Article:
Step 1-Go through the Mount Prospect Development PowerPoint with class, focusing on key individuals in the growth of the town, what those individuals did, and problems they faced with developing their land and from Mount Prospect citizens and government. Teacher should also spend time on defining what a sub-development is, how big they were (usually no more then 10 blocks), and what variables went into construction (sidewalks, parks, street lights, commercial areas.)


Step 2-Divide class into groups of 3-5 students per group.
 

Step 3-Assign each group a different time period for their development, given the problems faced by each developer for that time period.
 

1890’s-Town not incorporated, few services provided by the town, how to attract buyers?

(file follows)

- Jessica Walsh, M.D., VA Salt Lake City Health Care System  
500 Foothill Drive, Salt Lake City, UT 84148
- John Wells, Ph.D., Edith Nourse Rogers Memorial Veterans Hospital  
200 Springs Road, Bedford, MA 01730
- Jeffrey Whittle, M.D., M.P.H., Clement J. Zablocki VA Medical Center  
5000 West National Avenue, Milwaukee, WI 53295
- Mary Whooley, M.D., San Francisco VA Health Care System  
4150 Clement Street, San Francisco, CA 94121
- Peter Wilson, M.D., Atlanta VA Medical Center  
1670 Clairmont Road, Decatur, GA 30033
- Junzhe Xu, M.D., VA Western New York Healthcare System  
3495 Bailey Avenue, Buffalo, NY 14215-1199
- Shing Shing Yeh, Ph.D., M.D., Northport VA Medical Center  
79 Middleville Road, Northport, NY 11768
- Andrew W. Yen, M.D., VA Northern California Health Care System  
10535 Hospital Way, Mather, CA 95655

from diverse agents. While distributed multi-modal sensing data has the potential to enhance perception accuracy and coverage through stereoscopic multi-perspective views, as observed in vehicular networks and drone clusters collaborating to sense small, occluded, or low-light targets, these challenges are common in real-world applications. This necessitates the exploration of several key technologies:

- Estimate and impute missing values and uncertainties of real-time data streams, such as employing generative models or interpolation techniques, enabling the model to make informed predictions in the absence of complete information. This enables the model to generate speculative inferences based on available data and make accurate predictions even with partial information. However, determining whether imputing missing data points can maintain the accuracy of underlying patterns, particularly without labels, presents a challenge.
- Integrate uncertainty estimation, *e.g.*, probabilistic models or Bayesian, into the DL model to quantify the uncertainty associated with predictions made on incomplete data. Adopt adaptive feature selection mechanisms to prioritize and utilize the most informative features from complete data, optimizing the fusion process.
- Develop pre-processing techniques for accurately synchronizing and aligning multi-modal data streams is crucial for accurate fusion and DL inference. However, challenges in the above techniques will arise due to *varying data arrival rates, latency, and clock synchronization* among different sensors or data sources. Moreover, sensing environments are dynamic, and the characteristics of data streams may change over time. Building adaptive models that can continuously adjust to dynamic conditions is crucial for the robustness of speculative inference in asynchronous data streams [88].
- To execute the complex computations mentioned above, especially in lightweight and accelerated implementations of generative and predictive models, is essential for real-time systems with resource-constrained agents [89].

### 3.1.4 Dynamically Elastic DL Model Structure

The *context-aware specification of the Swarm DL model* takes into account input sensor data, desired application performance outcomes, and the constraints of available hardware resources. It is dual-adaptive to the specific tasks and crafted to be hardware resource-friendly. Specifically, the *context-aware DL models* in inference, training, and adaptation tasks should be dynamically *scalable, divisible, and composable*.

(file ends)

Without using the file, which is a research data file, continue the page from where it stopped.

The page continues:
1920’s-Period of dramatic growth, how to attract buyers to your development?, still few services provided by the town, coming of the Great Depression
 

1930’s-Slow period of growth to due Great Depression, little in means of transportation to surrounding areas, most streets still unpaved
 

1950’s-How to attract buyers in a period of dramatic growth?, do you build single density (houses), or mixed density (houses and apartments)?, how should you convince the town to provide services to your development?
 

1960’s-Town government and citizens against annexing any developments with apartments or townhouses, many areas still out of area covered by town services
 

1980’s-Town against annexing any more residential developments, how do you convince the town to annex your development?
 

Step 4-Students decide on what to include in their sub-development
Step 1-Decide on location for development
Step 2-Decide on size of development
Step 3-Decide whether the development will be single family housing or apartments